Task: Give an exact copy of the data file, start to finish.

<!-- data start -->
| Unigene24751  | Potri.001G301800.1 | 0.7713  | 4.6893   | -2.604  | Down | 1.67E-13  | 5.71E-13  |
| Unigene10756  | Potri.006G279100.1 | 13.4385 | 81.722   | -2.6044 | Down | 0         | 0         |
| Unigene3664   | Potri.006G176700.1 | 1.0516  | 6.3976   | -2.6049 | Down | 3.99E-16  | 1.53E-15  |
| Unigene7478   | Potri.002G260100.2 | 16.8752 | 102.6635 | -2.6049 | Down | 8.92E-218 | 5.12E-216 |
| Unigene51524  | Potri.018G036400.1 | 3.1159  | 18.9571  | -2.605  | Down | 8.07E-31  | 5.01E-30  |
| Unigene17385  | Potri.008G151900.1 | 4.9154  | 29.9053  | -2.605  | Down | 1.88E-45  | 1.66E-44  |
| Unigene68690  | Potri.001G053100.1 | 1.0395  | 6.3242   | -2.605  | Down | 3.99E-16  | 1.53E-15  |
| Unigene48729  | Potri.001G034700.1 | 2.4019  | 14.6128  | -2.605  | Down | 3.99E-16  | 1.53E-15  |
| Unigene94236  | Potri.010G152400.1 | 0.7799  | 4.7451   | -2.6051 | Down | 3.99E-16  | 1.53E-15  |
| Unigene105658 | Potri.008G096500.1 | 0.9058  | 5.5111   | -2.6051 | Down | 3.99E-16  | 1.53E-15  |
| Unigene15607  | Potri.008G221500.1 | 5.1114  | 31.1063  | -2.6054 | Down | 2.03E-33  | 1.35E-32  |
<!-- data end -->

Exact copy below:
| Unigene24751  | Potri.001G301800.1 | 0.7713  | 4.6893   | -2.604  | Down | 1.67E-13  | 5.71E-13  |
| Unigene10756  | Potri.006G279100.1 | 13.4385 | 81.722   | -2.6044 | Down | 0         | 0         |
| Unigene3664   | Potri.006G176700.1 | 1.0516  | 6.3976   | -2.6049 | Down | 3.99E-16  | 1.53E-15  |
| Unigene7478   | Potri.002G260100.2 | 16.8752 | 102.6635 | -2.6049 | Down | 8.92E-218 | 5.12E-216 |
| Unigene51524  | Potri.018G036400.1 | 3.1159  | 18.9571  | -2.605  | Down | 8.07E-31  | 5.01E-30  |
| Unigene17385  | Potri.008G151900.1 | 4.9154  | 29.9053  | -2.605  | Down | 1.88E-45  | 1.66E-44  |
| Unigene68690  | Potri.001G053100.1 | 1.0395  | 6.3242   | -2.605  | Down | 3.99E-16  | 1.53E-15  |
| Unigene48729  | Potri.001G034700.1 | 2.4019  | 14.6128  | -2.605  | Down | 3.99E-16  | 1.53E-15  |
| Unigene94236  | Potri.010G152400.1 | 0.7799  | 4.7451   | -2.6051 | Down | 3.99E-16  | 1.53E-15  |
| Unigene105658 | Potri.008G096500.1 | 0.9058  | 5.5111   | -2.6051 | Down | 3.99E-16  | 1.53E-15  |
| Unigene15607  | Potri.008G221500.1 | 5.1114  | 31.1063  | -2.6054 | Down | 2.03E-33  | 1.35E-32  |